Russian defence minister and long-time Putin ally Sergei Shoigu to be replaced | World News

Russia’s defence minister is set to be replaced, more than two years into the war in Ukraine.

Russian President Vladimir Putin has proposed replacing his long-time ally, Sergei Shoigu, with civilian and former deputy prime minister Andrei Belousov, who specialises in economics.

Mr Shoigu, who has served as defence minister since 2012, will take up a role as head of the national security council and have responsibilities for the military-industrial complex, the Kremlin said.

Ukraine war latest: Putin reshuffle points to ‘serious instability’

In his new role, Mr Shoigu will replace Nikolai Patrushev, whose new job will be announced soon, according to the Kremlin.

Mr Putin’s press secretary Dmitriy Peskov said the president decided the ministry of defence should be headed by a civilian to be “open to innovation and advanced ideas”.

The shuffle could also be seen as an attempt by Mr Putin to scrutinise defence spending after a Shoigu ally, deputy defence minister Timur Ivanov, was accused by state prosecutors of taking a bribe.

But the changes make sense, Mr Peskov claims, because Russia is approaching a situation like the Soviet Union in the mid-1980s, when the military and law enforcement authorities accounted for 7.4% of spending.

Andrei Belousov. Pic: Reuters

Former MI6 intelligence officer, Christopher Steele, who ran the Russia desk between 2006 and 2009, told Sky News he takes Mr Peskov’s words “with a pinch of salt”.

“It seems to me that probably the reason he’s chosen Belousov is because he’s not really any kind of player in the system or any sort of threat to Putin,” he added.

He also said Mr Patrushev’s appointment may hint at instability “right underneath him in the top leadership”.

“It was clear to most of us Russia-watchers for some time that Patrushev was lining up his son, Dmitry, who’s the current agriculture minister, to be Putin’s successor as president,” he said.

“And there have been some indications that there’s been some serious instability at the top in Russia in recent months… so I think that this really is a very significant move by Putin.”

Sergei Shoigu. Pic: Reuters
Sergei Shoigu. Pic: Reuters

Commenting on Mr Shoigu’s removal, the UK’s defence minister Grant Shapps said he leaves with a “disastrous legacy”.

“Sergei Shoigu has overseen over 355,000 casualties among his own soldiers and mass civilian suffering with an illegal campaign in Ukraine,” he said.

“Russia needs a defence minister who would undo that disastrous legacy and end the invasion – but all they’ll get is another of Putin’s puppets.”

A huge surprise – but what do these changes mean for Putin?

This has come as a huge surprise. Not one, but two key figures in Russia’s military leadership structure sacked simultaneously.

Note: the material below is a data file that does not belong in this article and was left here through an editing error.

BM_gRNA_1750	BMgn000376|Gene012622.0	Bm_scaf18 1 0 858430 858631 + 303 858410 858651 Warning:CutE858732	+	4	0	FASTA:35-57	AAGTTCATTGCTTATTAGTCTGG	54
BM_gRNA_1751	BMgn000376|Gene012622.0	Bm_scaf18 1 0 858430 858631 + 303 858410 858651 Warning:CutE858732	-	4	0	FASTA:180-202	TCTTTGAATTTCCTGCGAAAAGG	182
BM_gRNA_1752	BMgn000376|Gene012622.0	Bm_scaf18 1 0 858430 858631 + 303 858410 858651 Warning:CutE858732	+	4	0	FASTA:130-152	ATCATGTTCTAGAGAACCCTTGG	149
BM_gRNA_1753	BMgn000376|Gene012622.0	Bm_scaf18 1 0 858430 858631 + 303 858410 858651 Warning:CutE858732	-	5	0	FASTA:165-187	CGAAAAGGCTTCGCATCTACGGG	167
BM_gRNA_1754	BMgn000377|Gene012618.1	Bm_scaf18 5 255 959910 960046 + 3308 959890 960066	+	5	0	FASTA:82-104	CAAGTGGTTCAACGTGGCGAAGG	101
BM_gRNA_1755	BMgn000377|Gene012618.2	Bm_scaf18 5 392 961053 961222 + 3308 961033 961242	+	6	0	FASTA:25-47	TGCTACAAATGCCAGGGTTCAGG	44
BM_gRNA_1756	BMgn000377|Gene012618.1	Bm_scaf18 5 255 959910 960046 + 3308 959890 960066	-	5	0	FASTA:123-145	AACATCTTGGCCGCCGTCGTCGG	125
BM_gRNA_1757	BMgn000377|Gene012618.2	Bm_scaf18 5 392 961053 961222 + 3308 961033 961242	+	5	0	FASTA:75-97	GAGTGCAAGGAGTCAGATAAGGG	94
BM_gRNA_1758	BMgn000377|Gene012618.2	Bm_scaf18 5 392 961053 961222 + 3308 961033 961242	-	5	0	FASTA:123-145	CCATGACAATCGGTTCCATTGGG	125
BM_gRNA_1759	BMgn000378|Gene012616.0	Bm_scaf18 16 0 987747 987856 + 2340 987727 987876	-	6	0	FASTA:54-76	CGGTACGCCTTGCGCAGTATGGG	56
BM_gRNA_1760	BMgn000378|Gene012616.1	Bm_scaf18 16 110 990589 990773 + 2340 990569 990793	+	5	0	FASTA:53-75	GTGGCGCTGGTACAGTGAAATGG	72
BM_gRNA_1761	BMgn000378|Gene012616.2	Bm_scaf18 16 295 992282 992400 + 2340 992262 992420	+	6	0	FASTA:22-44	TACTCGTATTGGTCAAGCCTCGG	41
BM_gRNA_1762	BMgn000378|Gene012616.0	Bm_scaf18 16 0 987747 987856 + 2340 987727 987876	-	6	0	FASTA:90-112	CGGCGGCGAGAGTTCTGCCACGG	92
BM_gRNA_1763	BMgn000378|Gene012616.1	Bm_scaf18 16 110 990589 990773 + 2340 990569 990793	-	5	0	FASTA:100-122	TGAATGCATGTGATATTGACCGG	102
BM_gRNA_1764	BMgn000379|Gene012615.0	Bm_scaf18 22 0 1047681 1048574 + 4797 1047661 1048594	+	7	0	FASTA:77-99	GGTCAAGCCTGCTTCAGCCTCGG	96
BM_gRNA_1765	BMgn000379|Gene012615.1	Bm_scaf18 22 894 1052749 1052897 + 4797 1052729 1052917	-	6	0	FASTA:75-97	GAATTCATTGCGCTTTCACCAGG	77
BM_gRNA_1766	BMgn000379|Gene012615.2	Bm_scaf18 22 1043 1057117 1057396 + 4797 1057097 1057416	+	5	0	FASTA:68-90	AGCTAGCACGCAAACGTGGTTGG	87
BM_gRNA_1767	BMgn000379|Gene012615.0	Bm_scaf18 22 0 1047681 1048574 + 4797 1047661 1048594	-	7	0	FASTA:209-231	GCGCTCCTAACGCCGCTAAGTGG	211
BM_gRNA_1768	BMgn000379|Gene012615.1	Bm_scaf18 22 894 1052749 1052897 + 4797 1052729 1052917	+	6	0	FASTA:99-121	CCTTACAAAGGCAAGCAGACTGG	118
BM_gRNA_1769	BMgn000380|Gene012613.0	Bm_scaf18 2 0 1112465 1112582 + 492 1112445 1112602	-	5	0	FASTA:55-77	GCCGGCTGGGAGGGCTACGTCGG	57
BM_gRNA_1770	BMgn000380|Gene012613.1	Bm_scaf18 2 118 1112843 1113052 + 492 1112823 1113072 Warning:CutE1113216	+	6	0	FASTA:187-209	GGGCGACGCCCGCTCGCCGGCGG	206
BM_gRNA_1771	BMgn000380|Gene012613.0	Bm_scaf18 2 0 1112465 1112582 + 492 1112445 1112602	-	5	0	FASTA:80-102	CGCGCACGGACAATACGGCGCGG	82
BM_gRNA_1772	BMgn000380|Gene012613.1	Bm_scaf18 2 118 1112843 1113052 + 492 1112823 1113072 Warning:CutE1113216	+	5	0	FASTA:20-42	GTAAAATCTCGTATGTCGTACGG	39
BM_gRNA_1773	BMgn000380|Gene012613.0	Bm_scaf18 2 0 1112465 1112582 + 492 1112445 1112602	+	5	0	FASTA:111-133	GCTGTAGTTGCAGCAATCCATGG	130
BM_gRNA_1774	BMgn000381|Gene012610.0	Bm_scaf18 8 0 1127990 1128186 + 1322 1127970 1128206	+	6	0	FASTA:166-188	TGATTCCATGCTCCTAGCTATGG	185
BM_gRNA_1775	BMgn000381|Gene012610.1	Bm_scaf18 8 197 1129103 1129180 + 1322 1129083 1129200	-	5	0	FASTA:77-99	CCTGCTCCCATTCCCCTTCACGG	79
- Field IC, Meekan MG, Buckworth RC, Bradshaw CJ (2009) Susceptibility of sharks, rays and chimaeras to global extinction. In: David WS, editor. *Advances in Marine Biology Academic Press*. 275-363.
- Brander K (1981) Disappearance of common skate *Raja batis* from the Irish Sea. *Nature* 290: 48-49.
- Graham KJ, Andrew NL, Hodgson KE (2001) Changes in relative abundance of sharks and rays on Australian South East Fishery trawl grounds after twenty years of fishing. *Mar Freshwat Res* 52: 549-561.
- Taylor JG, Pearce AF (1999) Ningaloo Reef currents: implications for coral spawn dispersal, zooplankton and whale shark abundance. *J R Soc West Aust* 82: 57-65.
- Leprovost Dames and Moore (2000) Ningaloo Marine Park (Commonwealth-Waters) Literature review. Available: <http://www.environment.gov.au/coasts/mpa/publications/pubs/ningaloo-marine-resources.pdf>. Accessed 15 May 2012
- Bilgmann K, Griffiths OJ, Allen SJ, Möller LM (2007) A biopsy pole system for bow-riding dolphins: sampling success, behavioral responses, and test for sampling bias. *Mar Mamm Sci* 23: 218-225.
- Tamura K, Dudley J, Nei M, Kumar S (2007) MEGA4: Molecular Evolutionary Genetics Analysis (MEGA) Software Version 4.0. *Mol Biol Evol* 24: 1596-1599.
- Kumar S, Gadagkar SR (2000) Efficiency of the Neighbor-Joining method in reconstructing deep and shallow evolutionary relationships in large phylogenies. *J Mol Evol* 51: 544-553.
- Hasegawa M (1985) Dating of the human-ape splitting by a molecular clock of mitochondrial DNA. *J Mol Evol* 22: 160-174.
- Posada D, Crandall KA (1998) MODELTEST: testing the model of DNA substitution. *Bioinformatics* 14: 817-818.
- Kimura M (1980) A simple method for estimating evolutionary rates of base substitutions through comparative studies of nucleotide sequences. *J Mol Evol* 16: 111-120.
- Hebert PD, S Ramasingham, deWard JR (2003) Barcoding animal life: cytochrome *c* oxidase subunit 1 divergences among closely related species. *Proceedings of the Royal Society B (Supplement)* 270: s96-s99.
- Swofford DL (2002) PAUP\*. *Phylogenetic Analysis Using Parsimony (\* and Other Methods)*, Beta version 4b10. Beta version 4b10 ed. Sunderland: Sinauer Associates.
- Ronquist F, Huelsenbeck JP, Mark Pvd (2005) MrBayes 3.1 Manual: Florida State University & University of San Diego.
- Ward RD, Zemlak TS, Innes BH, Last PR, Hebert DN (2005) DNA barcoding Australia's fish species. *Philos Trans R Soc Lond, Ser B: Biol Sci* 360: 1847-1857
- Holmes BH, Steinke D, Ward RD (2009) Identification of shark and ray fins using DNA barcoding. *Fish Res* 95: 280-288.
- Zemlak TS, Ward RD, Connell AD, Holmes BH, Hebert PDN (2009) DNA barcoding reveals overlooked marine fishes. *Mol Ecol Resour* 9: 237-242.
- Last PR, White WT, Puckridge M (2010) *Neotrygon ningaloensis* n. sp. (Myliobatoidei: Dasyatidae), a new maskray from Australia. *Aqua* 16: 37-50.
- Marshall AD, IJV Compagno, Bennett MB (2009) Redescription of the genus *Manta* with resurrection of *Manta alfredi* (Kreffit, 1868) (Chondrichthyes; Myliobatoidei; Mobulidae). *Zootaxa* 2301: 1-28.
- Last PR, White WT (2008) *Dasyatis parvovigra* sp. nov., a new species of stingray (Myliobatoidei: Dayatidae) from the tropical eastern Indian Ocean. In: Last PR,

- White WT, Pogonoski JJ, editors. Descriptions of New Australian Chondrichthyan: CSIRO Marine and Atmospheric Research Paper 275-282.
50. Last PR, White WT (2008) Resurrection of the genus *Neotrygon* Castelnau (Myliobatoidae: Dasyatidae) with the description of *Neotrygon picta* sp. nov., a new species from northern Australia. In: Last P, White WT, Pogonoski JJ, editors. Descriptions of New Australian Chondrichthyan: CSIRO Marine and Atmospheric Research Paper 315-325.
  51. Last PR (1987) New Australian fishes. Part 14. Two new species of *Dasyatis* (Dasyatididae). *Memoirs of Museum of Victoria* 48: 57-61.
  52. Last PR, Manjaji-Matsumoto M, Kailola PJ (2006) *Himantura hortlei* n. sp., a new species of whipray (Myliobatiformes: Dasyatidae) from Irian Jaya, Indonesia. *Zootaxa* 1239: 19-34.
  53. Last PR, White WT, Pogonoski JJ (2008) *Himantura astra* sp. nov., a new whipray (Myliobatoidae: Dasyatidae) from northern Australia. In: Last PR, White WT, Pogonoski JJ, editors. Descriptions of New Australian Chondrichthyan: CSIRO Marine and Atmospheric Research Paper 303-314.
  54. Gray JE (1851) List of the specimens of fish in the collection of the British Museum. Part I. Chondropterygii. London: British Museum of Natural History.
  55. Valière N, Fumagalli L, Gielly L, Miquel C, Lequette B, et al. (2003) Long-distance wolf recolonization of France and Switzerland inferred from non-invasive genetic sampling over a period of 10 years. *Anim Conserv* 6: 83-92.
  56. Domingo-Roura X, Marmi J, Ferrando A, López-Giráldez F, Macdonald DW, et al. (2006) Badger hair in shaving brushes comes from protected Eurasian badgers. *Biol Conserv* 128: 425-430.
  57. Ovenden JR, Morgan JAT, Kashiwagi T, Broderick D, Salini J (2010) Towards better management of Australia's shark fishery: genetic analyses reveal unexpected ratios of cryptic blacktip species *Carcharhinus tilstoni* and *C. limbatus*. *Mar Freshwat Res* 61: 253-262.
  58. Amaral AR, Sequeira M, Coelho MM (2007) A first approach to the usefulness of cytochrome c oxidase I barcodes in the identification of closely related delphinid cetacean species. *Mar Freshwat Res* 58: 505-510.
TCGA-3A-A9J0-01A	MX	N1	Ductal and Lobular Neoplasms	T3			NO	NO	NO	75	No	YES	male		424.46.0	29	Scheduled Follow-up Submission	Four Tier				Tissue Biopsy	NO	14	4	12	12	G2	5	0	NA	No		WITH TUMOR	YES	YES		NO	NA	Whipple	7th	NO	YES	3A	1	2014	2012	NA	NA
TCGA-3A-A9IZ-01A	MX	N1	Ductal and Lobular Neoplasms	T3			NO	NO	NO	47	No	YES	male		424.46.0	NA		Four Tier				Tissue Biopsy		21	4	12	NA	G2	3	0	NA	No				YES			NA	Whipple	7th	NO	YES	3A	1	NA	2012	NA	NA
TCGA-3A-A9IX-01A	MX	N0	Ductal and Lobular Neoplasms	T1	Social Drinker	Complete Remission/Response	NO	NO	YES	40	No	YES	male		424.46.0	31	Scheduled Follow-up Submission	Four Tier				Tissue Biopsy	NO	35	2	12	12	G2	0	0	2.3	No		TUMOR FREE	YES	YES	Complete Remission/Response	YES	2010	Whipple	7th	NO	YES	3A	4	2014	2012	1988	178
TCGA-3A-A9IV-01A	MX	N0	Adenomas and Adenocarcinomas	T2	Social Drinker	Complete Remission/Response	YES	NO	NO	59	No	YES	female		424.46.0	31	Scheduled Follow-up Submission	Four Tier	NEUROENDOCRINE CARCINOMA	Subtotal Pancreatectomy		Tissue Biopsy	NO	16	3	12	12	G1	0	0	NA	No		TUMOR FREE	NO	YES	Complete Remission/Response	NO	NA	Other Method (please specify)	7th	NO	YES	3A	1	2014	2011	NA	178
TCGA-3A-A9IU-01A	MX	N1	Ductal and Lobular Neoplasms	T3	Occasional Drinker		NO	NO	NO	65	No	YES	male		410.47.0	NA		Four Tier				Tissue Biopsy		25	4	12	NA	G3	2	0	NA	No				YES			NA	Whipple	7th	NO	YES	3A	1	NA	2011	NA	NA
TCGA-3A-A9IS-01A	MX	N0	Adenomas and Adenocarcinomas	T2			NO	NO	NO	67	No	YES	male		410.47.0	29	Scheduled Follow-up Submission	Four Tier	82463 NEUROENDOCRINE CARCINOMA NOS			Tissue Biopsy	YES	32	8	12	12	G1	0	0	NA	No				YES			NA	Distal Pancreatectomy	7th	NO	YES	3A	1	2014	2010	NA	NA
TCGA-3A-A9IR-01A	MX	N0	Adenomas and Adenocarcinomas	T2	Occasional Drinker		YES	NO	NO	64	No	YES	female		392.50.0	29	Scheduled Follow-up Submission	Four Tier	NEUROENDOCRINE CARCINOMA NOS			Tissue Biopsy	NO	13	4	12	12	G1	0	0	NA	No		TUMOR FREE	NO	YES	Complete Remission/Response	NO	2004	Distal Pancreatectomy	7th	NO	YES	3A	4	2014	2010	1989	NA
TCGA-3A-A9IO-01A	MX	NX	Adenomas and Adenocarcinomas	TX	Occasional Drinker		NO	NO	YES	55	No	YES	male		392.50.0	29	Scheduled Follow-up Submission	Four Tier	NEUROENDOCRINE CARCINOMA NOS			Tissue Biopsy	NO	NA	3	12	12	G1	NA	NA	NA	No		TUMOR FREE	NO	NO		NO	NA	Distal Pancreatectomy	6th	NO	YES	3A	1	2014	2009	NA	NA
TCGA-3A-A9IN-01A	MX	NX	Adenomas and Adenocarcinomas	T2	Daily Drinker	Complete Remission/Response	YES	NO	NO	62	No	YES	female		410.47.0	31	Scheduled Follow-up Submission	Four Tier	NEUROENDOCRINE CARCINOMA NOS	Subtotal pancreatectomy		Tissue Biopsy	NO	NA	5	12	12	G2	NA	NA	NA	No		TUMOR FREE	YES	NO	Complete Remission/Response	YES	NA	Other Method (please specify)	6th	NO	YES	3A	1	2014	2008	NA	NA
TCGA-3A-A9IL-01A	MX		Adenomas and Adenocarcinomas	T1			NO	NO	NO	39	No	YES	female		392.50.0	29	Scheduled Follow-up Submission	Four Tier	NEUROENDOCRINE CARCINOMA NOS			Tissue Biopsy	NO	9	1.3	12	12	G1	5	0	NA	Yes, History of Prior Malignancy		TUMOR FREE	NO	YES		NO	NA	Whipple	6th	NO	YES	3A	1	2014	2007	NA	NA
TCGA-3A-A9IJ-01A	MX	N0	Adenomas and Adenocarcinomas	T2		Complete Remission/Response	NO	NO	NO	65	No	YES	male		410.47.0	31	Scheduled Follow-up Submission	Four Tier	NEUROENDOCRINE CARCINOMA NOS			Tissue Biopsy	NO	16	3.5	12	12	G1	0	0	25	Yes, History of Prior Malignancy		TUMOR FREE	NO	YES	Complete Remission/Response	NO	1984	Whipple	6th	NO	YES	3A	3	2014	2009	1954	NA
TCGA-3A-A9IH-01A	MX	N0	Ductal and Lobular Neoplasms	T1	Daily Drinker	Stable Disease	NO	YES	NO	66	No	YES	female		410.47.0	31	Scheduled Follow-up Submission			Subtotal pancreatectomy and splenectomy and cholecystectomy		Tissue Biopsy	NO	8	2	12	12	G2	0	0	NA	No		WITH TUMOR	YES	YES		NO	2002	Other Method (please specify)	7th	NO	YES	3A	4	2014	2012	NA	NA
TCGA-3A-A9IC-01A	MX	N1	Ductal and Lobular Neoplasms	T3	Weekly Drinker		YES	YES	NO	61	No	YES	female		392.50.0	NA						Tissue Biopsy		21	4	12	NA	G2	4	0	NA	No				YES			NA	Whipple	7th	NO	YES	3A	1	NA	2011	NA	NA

It suggests there’s a lot more going on inside the Kremlin than meets the eye.

Shoigu is a very close Putin ally and has been for years. So why replace him?

Clearly Putin is unhappy with the direction of the war. This coincides with Russia’s attempt to open up a new front in the Kharkiv region of Ukraine. New directions and new leadership – Putin’s ringing the changes.

Shoigu’s successor speaks volumes. Andrei Belousov is an economist, a technocrat. He’s not an obvious choice to run the military, but this underlines where Putin’s concerns are right now – “how much longer can I afford the war?”.

Russia’s entire economy is geared towards the military right now. He wants to ensure it’s operating as efficiently as possible, so his war can continue.

Shoigu moves to the security council, where he’ll replace Patrushev. Technically it’s a more important role, but in reality it’s a demotion.

More importantly, by replacing Patrushev, it gives Putin more command over a powerful body within Russia’s leadership structure.

The security council was seen by some as a pseudo shadow cabinet. He’ll now have an ally in post, albeit a disgruntled one.

Finally, to me, this speaks to Putin’s confidence right now. The start of the new presidential term, he’s clearly emboldened. But it also screams instability.

Parliament’s approval of the new appointments are all but guaranteed, as there is virtually no opposition.

By law, the government in Russia had to resign just before Mr Putin was sworn in as president for another six-year term on Tuesday.

Read more:
Putin’s Victory Day parade is bid to display might despite isolation
As Western weapons trickle through, Putin seizes chance to hit Kharkiv

Analysts have said he is looking to project an image of stability and satisfaction with his team’s progress, with Mikhail Mishustin remaining in post as prime minister on Friday.

As he continues to confirm his top team, Mr Putin has also proposed Sergei Lavrov remain as foreign minister.

Valery Gerasimov, the chief of Russia’s general staff, will remain in his position as well.


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